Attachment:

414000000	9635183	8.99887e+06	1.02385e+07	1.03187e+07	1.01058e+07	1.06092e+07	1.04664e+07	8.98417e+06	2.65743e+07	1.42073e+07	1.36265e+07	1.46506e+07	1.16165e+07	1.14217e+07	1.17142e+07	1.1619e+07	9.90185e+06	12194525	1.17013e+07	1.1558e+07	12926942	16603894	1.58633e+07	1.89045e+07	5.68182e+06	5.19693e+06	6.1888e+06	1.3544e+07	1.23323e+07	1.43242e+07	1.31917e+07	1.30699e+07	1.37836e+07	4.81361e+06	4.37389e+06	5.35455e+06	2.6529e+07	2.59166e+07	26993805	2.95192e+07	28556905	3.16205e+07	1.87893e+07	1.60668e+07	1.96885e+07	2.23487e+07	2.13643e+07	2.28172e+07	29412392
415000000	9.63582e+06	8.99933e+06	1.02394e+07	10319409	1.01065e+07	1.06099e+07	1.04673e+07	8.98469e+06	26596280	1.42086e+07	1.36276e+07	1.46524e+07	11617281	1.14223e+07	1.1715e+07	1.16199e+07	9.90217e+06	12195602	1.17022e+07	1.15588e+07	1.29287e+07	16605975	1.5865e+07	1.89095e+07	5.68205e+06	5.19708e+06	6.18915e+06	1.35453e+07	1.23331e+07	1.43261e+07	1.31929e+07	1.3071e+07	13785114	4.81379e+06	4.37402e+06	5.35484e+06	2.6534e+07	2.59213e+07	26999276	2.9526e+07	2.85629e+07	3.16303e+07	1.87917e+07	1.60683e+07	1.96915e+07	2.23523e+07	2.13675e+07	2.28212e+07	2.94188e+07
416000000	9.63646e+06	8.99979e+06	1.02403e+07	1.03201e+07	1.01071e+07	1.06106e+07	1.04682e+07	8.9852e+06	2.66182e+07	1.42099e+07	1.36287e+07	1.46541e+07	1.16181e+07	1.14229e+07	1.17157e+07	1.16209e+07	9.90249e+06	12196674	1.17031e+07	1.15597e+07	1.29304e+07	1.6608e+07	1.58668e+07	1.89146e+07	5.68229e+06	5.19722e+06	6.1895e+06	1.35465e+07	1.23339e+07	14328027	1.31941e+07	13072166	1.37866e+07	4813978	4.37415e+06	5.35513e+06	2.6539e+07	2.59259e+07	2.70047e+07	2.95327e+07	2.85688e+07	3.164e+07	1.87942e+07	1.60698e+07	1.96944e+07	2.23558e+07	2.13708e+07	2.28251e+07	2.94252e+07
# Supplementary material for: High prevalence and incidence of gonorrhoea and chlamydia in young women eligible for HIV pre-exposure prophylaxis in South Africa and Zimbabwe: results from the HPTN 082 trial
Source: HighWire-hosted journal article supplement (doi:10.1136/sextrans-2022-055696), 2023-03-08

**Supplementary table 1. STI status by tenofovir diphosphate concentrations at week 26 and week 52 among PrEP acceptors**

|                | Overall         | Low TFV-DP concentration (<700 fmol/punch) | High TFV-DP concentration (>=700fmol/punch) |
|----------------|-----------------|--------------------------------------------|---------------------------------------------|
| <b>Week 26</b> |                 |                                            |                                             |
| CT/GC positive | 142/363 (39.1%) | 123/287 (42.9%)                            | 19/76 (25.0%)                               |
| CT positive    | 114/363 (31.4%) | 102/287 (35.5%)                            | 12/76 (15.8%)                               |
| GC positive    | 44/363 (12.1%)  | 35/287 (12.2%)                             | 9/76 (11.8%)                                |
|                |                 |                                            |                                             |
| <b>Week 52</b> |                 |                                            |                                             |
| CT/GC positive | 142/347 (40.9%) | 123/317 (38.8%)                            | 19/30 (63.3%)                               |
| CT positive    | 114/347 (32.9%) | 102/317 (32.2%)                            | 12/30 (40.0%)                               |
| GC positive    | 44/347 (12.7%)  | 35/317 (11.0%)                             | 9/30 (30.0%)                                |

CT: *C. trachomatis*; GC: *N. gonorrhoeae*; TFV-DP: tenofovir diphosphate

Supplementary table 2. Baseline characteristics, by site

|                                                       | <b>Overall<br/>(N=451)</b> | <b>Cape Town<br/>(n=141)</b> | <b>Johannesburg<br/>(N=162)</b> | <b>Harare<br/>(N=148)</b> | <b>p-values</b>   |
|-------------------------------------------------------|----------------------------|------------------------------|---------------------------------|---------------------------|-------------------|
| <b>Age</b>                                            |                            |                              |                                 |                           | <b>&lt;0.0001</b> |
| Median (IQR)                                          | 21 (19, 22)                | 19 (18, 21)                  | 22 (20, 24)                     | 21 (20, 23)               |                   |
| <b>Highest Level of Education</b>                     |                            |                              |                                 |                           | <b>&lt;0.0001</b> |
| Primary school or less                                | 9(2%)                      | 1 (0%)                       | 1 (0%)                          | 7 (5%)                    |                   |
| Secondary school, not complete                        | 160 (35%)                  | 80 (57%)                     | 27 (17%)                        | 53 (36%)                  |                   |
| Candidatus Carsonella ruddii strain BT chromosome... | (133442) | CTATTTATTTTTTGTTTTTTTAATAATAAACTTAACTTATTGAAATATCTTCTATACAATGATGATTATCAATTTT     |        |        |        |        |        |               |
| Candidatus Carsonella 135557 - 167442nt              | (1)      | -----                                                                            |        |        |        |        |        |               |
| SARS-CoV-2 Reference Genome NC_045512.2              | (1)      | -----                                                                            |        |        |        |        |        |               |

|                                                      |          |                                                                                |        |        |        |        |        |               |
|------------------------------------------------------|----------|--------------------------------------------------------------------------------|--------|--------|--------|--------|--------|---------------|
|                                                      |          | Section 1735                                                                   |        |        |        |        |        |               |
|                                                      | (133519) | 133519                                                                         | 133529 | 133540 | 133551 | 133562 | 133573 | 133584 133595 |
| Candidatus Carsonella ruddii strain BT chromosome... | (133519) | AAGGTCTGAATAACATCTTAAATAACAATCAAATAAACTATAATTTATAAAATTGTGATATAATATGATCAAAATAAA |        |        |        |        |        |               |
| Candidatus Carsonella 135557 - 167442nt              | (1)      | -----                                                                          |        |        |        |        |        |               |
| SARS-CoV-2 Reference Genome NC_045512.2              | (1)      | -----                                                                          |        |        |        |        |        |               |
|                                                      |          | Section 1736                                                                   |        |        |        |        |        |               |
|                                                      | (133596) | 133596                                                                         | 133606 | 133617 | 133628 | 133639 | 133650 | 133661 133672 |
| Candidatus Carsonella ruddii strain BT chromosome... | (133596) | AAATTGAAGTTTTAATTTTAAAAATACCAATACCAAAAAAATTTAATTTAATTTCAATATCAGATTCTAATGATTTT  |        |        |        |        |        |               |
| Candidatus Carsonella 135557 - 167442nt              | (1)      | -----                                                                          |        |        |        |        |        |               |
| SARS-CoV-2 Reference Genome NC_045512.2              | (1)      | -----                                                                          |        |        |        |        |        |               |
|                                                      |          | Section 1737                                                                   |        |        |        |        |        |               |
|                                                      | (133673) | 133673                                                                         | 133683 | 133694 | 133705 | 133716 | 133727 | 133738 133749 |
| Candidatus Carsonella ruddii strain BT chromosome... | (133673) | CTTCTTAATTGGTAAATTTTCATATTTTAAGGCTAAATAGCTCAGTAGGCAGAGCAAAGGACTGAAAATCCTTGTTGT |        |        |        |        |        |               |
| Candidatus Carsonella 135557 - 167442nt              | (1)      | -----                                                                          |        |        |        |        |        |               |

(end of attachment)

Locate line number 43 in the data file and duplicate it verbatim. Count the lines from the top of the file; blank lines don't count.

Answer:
|                                                      | (133673) | 133673                                                                         | 133683 | 133694 | 133705 | 133716 | 133727 | 133738 133749 |